In a way, the Planet of the Apes franchise is perfect for our times: we live in a world with wars, climate disasters, and pandemics. In light of this, imagining that the human race might become extinct or lose its dominance over the Earth does not seem as distant or impossible as it might have once seemed.

The series was born under the shadow of atomic annihilation with the masterpiece Planet of the Apes (1968), a film that never ages. Today, the fears are different, but in the current context, a new production of the saga fits very well. And so we have this Kingdom of the Planet of the Apes, the first of the saga after Disney’s acquisition of the former Fox studio, which also follows in the footsteps of the successful recent trilogy that revitalized the brand.

Set centuries after the journey of Caesar, the leader who awakened the intelligence of the apes and led them to become the dominant species on the planet, this new film features young Noa (played by Owen Teague) as the protagonist, living with family and friends in a peaceful clan. His life is transformed when another clan, claiming to follow Caesar’s teachings, attacks the village. Noa also encounters a strange human (Freya Allen), who seems to show signs of intelligence. Together, they embark on a journey that could change the fate of the relationship between apes and humans.

A WORTHY ADVENTURE IN EVERY SENSE

Josh Friedman’s script is not entirely bulletproof—some important plot points are poorly explained—but it is adept at launching some clever surprises for the audience, including references to the original, such as a hunting scene that even reuses pieces of Jerry Goldsmith’s classic score. And Wes Ball’s direction—an alum of Fox studio, having directed the Maze Runner films—makes Kingdom of the Planet of the Apes an engaging experience. Ball is somewhat distant from Matt Reeves, the director who helmed the two best films of the previous trilogy, and Kingdom doesn’t feature a performance on par with Andy Serkis. However, it manages to do the basics well and create yet another epic adventure worthy of the franchise.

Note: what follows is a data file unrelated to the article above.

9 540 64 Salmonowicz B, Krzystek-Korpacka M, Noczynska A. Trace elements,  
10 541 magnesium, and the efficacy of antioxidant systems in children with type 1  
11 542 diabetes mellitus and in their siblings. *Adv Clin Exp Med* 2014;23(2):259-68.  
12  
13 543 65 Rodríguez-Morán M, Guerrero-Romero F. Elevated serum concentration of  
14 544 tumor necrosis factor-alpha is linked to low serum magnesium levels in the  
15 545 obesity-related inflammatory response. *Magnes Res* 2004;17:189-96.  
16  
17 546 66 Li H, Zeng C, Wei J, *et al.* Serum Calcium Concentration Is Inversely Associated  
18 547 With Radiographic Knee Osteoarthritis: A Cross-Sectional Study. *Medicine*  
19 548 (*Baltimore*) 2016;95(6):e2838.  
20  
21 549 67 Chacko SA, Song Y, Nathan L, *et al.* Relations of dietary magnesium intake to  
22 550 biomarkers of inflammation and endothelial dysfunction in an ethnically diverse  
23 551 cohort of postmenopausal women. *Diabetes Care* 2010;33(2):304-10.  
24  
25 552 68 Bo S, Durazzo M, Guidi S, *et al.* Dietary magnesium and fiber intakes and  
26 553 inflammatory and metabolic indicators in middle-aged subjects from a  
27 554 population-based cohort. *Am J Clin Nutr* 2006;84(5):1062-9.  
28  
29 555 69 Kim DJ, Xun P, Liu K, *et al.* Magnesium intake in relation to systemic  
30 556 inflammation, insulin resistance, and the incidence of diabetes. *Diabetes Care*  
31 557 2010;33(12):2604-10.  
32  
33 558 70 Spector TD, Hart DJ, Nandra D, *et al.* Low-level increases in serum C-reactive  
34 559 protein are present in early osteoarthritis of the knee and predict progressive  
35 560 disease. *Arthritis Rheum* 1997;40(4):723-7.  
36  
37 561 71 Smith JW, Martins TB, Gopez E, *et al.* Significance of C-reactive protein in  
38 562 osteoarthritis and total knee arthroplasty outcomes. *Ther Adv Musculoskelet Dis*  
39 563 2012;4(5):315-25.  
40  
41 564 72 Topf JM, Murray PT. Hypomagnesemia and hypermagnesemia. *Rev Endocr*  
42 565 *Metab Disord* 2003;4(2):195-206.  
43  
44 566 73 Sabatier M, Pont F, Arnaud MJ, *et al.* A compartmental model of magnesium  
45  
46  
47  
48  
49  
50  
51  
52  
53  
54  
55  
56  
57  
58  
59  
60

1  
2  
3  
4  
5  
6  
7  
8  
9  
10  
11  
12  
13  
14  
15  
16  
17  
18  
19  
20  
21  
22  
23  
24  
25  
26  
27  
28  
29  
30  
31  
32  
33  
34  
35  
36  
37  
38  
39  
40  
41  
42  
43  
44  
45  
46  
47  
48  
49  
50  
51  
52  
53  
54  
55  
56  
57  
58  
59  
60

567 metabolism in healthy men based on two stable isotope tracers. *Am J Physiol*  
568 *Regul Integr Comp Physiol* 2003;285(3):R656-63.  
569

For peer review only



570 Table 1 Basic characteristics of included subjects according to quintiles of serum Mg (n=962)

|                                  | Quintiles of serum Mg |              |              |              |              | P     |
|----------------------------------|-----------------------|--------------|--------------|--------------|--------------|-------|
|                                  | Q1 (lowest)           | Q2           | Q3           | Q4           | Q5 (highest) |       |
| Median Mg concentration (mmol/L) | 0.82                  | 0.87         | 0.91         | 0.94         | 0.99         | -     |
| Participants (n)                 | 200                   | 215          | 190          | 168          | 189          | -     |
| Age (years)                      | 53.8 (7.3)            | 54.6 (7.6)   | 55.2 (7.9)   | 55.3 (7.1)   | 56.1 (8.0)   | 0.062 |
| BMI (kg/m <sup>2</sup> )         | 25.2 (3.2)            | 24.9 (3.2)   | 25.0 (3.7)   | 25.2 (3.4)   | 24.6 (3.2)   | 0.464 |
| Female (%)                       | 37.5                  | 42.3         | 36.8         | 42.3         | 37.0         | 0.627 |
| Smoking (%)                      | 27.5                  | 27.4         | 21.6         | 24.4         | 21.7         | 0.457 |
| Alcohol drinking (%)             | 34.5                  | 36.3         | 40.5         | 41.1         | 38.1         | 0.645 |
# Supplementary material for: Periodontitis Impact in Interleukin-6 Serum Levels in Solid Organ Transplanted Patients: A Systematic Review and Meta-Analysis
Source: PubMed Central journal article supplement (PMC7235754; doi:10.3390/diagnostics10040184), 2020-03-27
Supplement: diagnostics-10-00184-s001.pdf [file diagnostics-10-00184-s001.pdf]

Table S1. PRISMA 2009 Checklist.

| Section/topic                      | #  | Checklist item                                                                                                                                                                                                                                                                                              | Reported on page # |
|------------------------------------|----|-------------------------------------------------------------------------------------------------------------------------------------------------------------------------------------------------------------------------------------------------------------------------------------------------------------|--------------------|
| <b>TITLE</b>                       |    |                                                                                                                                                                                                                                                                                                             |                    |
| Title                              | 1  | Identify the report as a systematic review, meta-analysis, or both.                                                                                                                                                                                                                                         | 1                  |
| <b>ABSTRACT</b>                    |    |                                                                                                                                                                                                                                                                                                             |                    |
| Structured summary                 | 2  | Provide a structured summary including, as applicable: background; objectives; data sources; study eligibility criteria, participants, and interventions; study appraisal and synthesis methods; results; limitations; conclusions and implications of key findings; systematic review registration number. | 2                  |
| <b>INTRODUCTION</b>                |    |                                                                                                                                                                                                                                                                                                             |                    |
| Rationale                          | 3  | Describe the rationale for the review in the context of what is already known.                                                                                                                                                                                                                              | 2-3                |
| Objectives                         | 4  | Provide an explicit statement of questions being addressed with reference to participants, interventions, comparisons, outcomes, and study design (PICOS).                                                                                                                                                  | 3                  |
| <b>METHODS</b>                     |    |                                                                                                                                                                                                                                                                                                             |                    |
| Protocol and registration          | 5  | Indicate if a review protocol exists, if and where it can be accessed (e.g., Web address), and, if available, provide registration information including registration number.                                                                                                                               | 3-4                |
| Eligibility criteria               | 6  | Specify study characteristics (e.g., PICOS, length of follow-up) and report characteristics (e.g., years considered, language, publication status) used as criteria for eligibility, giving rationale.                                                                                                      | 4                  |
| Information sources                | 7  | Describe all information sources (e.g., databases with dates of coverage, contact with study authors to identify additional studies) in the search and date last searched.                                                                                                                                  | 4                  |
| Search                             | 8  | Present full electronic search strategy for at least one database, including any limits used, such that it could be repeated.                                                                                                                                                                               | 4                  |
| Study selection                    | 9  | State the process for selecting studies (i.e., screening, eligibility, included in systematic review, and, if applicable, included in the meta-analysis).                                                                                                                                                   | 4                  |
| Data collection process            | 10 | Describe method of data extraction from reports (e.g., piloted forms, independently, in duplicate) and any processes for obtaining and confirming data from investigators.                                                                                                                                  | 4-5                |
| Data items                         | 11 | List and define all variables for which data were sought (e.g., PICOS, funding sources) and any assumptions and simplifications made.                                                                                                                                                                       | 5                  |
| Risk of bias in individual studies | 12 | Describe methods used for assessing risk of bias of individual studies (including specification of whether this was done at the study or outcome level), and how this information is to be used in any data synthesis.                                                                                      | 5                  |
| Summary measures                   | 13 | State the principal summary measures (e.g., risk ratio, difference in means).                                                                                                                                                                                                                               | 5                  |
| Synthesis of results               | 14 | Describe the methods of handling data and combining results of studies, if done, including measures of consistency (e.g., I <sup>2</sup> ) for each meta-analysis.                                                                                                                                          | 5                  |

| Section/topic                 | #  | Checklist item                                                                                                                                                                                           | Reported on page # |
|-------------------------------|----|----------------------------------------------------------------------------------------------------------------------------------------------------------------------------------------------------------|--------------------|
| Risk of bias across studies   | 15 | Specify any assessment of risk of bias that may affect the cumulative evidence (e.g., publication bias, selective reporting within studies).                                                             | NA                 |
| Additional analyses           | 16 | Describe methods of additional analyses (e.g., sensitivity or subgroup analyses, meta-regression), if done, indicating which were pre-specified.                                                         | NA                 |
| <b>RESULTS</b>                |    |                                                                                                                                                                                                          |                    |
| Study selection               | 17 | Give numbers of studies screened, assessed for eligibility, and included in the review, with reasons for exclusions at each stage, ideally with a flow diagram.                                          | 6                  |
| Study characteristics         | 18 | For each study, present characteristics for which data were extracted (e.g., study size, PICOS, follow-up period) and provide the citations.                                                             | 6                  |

Visually, Kingdom of the Planet of the Apes shows refinement in the performance capture technology that brought the apes to life in the previous trilogy: each character is highly expressive, with distinctive marks and imperfections in their fur. In short, they all seem alive. It remains impressive to see the richness of interactions between characters created by computers: some scenes between Noa and his father, or between the hero and his master, the orangutan Raka (an excellent Peter Macon), are full of subtleties in their performances.

There are also some really impressive action sequences and grand visuals that further expand the world seen in the previous trilogy. It’s hard not to compare it to what James Cameron did in the Avatar films, but Planet of the Apes remains a worthy competitor. However, it is in the subtexts within the story that Kingdom stands out.

PESSIMISTIC AURA

Kingdom of the Planet of the Apes addresses various themes, showing the apes’ world as a strange reflection of our own: there is religious fanaticism—the enemy clan’s leader, Proximus (Kevin Durand), distorts Caesar’s word to his advantage—prejudice, and the old debate about the possibility (or not) of coexistence between apes and humans. None of this is really new to the franchise, but the film uses these familiar elements in interesting ways, valuing the complexity present in these themes.

Near its conclusion, Kingdom of the Planet of the Apes starts to feel less like an evolution for the franchise and more like setting the stage for further sequels. However, even so, the film maintains an intriguing tone that could point to good developments in the future. And we kind of know where that future is headed: Planet of the Apes is a pessimistic saga by nature, although some of the films have tried to find hope here and there.

The essence of these films, dictated by the original 1968 movie, is that humans will ultimately be the cause of their own destruction—a notion that is unfortunately still very present and powerful, and one that filmmakers continue to know how to explore well, even almost 60 years later.